Ross Hammond | California Broker | March 5, 2019
Imagine a world where the same company that you purchase fire insurance from also actively insures and finances rogue teams of arsonists.
Suspend your disbelief for a moment and just imagine that contradiction. No, of course you can’t. That would be crazy. Why would a company that would be on the hook to pay out when your house burns down underwrite another activity that would lead to exactly that?
Ironically that’s more or less what the insurance industry is doing when it comes to climate change impacts and underwriting fossil fuel expansion.
On the one hand the insurance industry is on the hook for climate change-related payouts. So you would assume they would not want to make the problem any worse. But they are.
You see, the insurance industry plays a significant role in driving climate change by investing their customers’ premiums in coal, tar sands and other polluting industries. The top 40 U.S. insurance companies hold over $450 billion in coal, oil and electric utility stocks. Those investments help finance the extraction of more fossil fuels at a time when the world’s scientists are telling us we need a rapid transition to clean, renewable energy. These investments also give fossil fuel companies a veneer of respectability at a time when more and more cities and states are suing them for climate-related damages.
More directly, property and casualty insurers underwrite fossil fuel projects. And we all know that without insurance these projects can’t get financing or government approval. Which means insurers are actually a linchpin to the whole fossil fuel system.
But it’s not just property and casualty insurers that are helping fuel the climate crisis. Healthcare and life insurers are also unwittingly fueling climate change through their investments in fossil fuel companies. This is particularly bizarre for health insurers given the fact that they have an interest in limiting healthcare costs, not adding to them. Bear in mind that between 2030 and 2050 climate change is expected to cause an additional 250,000 deaths per year according to the World Health Organization.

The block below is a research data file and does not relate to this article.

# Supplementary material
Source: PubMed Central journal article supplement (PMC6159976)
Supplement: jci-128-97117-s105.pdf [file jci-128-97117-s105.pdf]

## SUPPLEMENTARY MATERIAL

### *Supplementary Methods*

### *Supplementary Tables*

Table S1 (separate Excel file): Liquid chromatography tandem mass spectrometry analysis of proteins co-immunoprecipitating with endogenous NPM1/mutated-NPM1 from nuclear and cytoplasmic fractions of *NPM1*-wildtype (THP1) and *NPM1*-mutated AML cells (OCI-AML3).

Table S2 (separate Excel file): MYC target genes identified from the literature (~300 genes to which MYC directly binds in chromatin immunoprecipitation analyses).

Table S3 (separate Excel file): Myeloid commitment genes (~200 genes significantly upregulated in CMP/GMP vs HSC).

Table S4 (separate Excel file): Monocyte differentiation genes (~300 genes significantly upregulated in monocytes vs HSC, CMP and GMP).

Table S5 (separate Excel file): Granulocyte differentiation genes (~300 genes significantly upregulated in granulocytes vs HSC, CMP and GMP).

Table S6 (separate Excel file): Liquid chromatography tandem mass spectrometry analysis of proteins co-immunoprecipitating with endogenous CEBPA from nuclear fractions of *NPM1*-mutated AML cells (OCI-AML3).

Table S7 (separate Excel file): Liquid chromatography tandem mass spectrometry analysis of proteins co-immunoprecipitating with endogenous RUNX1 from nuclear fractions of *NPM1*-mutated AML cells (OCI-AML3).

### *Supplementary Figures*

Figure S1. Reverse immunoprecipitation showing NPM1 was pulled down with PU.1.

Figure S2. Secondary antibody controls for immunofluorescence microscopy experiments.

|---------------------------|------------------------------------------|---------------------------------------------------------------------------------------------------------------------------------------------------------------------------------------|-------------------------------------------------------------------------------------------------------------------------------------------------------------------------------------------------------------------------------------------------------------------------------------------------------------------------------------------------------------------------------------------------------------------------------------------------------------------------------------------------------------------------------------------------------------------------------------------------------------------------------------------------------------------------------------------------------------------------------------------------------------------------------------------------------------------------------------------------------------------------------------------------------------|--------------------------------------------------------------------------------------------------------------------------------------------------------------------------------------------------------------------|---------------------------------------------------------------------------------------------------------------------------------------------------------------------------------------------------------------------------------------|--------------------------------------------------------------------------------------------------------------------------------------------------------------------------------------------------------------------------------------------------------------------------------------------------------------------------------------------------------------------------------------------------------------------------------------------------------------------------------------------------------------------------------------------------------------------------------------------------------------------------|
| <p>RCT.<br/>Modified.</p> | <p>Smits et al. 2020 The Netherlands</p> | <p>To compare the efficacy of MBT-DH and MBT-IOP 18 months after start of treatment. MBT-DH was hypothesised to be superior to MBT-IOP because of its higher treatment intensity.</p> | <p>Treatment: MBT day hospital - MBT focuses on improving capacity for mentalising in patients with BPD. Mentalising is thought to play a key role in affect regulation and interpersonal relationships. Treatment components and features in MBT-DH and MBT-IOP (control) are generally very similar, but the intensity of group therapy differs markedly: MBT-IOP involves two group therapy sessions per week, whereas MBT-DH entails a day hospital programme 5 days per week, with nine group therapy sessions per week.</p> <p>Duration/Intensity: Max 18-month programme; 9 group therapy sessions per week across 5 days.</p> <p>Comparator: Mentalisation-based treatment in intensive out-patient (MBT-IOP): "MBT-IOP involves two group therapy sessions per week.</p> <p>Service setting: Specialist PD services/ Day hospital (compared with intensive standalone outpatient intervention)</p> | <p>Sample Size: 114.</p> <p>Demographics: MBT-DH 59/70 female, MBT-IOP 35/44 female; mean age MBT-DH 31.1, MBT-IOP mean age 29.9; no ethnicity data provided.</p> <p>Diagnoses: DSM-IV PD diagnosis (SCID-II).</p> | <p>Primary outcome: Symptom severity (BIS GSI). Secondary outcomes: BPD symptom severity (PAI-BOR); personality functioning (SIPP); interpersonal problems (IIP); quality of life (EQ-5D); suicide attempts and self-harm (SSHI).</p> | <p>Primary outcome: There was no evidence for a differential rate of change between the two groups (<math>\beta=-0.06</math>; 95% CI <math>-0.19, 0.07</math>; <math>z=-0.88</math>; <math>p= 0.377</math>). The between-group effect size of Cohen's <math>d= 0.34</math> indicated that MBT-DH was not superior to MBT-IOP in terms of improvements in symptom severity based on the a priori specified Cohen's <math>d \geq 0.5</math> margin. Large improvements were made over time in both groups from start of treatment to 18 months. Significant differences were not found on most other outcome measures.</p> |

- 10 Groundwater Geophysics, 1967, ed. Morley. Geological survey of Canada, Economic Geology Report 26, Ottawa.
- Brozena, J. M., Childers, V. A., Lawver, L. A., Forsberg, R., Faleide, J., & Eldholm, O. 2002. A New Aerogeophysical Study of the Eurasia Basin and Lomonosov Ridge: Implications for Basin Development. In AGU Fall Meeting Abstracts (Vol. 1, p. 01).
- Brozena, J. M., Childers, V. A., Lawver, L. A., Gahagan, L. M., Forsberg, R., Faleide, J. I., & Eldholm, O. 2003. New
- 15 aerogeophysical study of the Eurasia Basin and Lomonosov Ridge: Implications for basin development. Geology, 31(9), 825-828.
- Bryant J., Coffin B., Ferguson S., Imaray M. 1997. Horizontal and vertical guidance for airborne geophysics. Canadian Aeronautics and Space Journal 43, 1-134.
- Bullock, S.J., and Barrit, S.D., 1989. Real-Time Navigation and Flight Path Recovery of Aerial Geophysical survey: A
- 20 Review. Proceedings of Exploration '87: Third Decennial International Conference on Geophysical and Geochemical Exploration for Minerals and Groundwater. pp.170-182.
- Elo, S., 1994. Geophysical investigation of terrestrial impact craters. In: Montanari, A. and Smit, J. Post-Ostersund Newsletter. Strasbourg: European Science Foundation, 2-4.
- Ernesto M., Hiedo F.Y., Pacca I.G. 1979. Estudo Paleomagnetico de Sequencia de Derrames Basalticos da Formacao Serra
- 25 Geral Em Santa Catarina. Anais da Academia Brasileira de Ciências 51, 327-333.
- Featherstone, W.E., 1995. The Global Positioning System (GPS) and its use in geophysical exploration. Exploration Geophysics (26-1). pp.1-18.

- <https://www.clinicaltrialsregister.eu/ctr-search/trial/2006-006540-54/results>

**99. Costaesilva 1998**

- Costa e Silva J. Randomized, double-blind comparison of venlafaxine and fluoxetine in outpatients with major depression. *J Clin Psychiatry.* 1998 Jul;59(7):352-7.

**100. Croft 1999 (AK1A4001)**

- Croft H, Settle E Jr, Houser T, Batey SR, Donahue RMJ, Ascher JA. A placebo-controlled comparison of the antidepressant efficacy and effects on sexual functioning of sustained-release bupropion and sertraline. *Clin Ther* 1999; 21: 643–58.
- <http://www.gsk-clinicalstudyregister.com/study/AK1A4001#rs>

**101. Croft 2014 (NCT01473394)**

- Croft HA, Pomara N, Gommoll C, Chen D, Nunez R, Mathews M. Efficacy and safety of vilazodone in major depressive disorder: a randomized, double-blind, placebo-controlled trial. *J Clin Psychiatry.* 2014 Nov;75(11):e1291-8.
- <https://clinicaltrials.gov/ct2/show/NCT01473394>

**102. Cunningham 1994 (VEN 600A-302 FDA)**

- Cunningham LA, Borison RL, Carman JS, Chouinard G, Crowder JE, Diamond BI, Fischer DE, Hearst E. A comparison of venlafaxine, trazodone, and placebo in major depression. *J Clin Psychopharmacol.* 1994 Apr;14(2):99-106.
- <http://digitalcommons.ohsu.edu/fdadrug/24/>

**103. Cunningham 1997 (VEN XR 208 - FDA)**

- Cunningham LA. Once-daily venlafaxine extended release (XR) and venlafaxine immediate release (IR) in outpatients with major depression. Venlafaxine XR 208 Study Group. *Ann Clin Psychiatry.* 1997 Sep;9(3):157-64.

Surely though these companies must be investing their customers’ premiums in fossil fuels because the financial returns are just too good to pass up, right? Quite the contrary.
Fossil fuel investments have been shown to significantly underperform the market as a whole. As a result, while many institutions have started to divest from fossil fuels because of their role in accelerating climate change, even more have begun divesting to avoid losing their clients’ money. In fact leading investors like Jeremy Grantham have shown that it’s possible to divest from the entire fossil fuel sector without any material impact on returns whatsoever.
So if these are likely to be bad investments, they are actively driving climate change, and we can ditch them without any impact to our bottom line why would insurers continue to commit customer dollars? That’s the question more and more people are asking.
It’s clear that citizens and insurance regulators are not going to sit idly by while the industry is asleep at the wheel. A new coalition comprised of major environmental and consumer groups called Insure Our Future was recently launched to pressure the insurance industry to stop making climate change worse. And in the past few years the California Insurance Commissioner has taken an increasingly active interest in how the fossil fuel investments of insurers doing business in California might impact their ability to pay out claims. In 2016, then Insurance Commissioner Dave Jones mandated that insurance companies doing business in California disclose their fossil fuel holdings. Now, with a few clicks of a mouse, consumers and businesses can find out whether their insurance premiums are being invested in the very fossil fuels driving the climate crisis. Transparency is a first, but critical, step to curbing the problem.
And it’s becoming increasingly clear that newly elected insurance commissioner Ricardo Lara is eager to drive further change. As Commissioner Lara put it in his swearing in ceremony,“To the insurance industry – I ask you to join me in this fight against extreme disasters linked to climate change. We need bold action to ensure our communities adapt and are resilient to this new reality,” Lara said. “There is no other industry that has the necessary expertise to ensure that California is prepared to mitigate and reduce risk to our communities and environment. Our planet can’t wait. I am ready, and I hope you are too.”
Which means the insurance industry has an opportunity. The new insurance commissioner is just that – new. He cares deeply about health care and climate change, and the role that he as the California Insurance Commissioner must take to safeguard the public. But currently no major US insurer has committed to stop underwriting or investing in the problem he is warning against – fossil fuels that drive climate change. That will have to change — and change soon — if U.S. insurance companies don’t want to lose more and more of their business to European insurance companies who are light years ahead of their U.S. peers when it comes to action on climate change. Given the power and size of the California market, what Commissioner Lara does on climate will reverberate throughout the nation and the world. Hopefully the industry stands ready to work with him and stop supporting the very industries that are driving the climate crisis.
Ross Hammond is a senior strategist for Insure Our Future.